The number of people asking for breathing space from their debts under rules brought in during the Covid-19 pandemic jumped by 25% in 2023 compared with the previous year.
Across England and Wales, there were 88,390 registered debt relief breaks in 2023, up from 70,772 in 2022.
The government established rules in 2021 that gave people who fall behind with their bills the ability to apply for a payment holiday.
Tens of thousands of households fell into arrears on their rent, utility bills and credit card payments after the pandemic struck and the Debt Respite Scheme allowed many of them to avoid bankruptcy.
A standard breathing space is available to people with problem debt and gives legal protections from creditor action for up to 60 days.
A mental health crisis breathing space is available to someone who is receiving treatment for a mental health issue and lasts as long as the treatment, plus 30 days.
The Insolvency Service said the total in 2023 comprised 86,928 standard and 1,462 mental health breathing space registrations, compared with 69,556 and 1,216 respectively in 2022.
Debt advice charities said the scheme could account for the fall in personal insolvencies during 2023 to a level last seen in 2017. There were 103,454 personal insolvencies in 2023, down from 118,766 in 2022.
Separate figures from the Bank of England for December showed a fall in consumer credit to £1.2bn from £2.1bn the previous month, indicating that households were able to rein in their use of high-priced loans, and especially credit cards, ahead of the Christmas sales period. Borrowing on credit cards fell to £300m in December from £1bn in November.
However, the debt advice charity StepChange said polling suggested that 40% of people in the UK – about 22 million people – entered the new year struggling to keep up with bills and credit commitments.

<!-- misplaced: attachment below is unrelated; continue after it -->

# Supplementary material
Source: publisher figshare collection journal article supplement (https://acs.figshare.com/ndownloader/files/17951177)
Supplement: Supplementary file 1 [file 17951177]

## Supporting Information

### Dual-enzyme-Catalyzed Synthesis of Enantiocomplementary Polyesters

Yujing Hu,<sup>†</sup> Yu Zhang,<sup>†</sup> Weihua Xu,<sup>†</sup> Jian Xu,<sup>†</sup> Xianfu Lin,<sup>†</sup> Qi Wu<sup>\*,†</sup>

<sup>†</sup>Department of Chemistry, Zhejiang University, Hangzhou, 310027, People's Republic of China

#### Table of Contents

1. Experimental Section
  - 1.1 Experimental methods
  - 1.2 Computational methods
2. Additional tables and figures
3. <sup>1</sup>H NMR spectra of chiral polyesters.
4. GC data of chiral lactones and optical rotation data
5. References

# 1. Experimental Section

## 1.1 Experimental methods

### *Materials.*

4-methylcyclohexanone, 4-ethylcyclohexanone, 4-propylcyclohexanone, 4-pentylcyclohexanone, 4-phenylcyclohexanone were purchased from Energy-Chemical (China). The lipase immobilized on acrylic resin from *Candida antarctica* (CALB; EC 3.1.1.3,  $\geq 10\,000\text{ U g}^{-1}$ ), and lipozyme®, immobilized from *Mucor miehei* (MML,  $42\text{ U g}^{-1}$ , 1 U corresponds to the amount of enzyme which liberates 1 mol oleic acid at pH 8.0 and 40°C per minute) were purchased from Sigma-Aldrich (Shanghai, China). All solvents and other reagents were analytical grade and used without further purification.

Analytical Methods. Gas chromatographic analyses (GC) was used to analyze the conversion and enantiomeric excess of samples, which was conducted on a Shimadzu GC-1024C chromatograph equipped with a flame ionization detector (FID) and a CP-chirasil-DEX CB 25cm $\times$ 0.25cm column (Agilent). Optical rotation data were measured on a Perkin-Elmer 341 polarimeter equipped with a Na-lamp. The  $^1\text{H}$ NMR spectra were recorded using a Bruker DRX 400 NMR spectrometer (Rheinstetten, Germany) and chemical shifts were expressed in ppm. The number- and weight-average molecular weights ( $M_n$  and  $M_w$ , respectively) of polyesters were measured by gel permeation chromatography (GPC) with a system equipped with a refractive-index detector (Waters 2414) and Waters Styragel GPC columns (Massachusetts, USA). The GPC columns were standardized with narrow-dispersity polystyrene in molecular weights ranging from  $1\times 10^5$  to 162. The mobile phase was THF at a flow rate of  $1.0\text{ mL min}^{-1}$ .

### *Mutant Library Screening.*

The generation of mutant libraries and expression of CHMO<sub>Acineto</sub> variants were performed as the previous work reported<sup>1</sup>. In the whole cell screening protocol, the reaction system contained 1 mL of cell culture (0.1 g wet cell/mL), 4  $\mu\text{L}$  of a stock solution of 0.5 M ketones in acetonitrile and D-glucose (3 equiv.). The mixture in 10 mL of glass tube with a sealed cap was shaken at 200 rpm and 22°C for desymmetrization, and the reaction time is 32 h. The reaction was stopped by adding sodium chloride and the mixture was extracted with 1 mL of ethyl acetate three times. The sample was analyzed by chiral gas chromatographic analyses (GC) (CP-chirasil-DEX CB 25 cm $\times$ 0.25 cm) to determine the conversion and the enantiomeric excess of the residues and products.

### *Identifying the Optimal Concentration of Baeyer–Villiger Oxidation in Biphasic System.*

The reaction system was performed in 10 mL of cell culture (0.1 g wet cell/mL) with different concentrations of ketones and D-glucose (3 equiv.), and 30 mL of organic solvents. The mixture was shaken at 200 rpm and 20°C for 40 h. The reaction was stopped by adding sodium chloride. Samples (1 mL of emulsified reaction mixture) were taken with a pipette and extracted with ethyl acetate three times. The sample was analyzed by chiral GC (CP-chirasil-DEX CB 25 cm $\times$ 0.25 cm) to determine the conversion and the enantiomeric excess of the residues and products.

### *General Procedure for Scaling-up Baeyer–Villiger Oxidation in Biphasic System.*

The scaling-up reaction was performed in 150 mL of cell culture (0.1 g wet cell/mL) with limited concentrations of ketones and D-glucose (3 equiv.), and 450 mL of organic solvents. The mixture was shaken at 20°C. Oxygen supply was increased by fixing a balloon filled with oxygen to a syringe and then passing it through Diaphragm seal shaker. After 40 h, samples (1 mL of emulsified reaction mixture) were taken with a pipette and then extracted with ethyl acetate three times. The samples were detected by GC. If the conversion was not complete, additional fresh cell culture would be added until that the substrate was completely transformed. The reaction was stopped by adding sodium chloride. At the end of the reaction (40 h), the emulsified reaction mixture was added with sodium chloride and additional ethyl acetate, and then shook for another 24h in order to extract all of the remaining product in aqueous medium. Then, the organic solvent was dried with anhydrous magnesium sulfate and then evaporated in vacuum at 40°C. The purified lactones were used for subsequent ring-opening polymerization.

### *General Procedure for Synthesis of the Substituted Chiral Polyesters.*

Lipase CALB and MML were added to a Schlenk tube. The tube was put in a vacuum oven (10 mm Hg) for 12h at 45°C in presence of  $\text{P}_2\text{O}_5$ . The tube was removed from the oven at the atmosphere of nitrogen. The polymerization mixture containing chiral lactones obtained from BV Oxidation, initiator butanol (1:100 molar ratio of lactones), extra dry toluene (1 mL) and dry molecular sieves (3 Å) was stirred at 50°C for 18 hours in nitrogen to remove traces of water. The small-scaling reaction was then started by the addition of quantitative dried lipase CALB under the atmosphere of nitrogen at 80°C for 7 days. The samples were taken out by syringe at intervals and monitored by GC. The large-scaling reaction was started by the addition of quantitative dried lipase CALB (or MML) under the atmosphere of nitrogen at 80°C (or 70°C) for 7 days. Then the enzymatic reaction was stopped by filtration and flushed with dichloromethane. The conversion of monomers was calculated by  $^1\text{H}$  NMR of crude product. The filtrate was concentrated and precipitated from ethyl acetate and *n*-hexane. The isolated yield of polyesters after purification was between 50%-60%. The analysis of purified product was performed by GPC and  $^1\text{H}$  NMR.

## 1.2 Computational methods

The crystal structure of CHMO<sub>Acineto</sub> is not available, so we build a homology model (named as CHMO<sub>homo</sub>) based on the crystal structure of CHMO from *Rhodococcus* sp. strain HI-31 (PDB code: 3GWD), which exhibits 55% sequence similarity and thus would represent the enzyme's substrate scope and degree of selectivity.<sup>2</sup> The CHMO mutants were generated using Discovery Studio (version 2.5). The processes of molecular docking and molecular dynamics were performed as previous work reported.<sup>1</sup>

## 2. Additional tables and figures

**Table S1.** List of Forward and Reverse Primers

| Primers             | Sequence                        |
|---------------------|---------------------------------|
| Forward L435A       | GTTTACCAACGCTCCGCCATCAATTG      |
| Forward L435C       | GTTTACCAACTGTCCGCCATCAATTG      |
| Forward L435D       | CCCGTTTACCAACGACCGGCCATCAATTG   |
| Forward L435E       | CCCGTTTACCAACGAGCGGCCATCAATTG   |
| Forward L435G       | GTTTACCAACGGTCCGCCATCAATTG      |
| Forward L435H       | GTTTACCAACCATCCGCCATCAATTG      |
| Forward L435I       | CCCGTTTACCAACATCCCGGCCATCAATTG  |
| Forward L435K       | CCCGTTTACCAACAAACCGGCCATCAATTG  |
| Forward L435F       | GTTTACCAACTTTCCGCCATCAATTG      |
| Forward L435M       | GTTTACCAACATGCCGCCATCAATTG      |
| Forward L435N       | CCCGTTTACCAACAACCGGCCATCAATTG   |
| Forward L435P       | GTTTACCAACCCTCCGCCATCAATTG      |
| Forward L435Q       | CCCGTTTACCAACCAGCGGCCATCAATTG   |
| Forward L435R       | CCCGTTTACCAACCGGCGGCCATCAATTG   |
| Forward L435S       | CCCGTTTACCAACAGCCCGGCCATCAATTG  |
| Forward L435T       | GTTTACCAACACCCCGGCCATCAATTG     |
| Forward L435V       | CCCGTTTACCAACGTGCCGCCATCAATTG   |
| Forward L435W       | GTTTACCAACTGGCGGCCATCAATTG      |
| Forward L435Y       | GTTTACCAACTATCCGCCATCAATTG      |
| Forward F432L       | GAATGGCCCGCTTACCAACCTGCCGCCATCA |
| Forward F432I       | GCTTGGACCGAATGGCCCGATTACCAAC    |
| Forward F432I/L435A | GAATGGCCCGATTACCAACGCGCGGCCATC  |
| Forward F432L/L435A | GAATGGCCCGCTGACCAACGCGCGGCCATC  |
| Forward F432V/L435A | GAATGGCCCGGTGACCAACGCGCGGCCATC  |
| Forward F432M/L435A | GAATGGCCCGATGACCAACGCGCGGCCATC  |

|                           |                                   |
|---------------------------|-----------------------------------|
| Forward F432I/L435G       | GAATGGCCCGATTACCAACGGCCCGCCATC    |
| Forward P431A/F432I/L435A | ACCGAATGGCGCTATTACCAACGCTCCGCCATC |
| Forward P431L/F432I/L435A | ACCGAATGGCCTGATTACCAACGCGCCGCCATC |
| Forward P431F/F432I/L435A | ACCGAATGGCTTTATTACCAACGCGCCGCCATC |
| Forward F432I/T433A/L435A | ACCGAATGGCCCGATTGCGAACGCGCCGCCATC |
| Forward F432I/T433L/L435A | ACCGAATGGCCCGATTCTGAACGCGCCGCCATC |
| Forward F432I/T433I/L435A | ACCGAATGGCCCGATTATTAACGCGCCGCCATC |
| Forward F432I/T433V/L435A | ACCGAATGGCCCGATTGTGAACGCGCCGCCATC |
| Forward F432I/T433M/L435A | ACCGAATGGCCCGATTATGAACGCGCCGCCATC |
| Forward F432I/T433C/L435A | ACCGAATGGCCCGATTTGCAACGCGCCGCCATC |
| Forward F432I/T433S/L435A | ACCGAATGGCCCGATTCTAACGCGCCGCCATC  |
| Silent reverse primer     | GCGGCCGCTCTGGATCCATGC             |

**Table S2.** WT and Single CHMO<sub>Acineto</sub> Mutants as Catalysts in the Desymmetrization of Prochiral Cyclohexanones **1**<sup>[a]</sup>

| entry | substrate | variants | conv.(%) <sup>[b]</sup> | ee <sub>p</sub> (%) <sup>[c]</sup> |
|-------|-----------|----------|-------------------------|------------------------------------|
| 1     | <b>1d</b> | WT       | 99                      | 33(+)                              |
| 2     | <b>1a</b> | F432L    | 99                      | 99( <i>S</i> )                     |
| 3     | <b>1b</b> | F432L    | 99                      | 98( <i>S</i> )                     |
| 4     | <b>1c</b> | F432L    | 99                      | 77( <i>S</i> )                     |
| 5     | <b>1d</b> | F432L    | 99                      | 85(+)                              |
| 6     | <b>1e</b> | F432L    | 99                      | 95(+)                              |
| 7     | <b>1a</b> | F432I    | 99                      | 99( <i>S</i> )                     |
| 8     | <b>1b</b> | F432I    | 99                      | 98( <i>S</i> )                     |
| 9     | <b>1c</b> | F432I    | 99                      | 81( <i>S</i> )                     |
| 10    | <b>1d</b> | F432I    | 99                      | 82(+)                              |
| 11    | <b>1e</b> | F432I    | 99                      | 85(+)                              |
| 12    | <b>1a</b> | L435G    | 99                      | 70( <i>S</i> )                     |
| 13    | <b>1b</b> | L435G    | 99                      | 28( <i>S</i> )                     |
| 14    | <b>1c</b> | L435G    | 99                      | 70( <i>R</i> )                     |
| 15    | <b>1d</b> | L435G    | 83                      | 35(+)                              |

Its spokesperson Richard Lane said: “While it’s encouraging to see consumer borrowing fall – particularly in December when Christmas spending is at its peak – the fact remains there are still millions of people struggling to meet the most essential of financial commitments and they are turning to borrowing as a result.
“Our research has found that one in eight people has borrowed to keep up with essential payments in the past 12 months, and with everyday costs like energy bills and groceries still soaring, we can expect to see more and more people turn to borrowing to make ends meet.”
The Insolvency Service said the number of company insolvencies across England and Wales last year was the highest since 1993, with 25,158 registered company insolvencies in 2023.
Although company insolvencies were at a 30-year high in 2023, the number of firms on the Companies House register has increased over time, so the rate of businesses going insolvent in 2023 compared with active companies remained much lower than a peak seen during the 2008-09 recession, the service said.
Nicky Fisher, the president of R3, the UK’s insolvency and restructuring trade body, said high interest rates and a harsh business environment accounted for the “rising tide of corporate insolvencies”.
She said: “A combination of increased costs, cautious spending, creditor pressure, and the post-pandemic hangover have seen more businesses enter a corporate insolvency process to help address their financial issues than last year.
“Unless the economic picture improves, costs come down and people start spending, it seems likely that insolvency numbers will remain high this year.”
Earlier this month, the insolvency practitioner Begbies Traynor said it estimated more than 47,000 UK companies were on the brink of collapse after a 25% jump in the number of businesses facing “critical” financial distress in the final three months of 2023.
Its “red flag” report found that the construction and property sectors accounted for 30% of all businesses facing critical financial distress, after a sharp downturn in the building industry last year.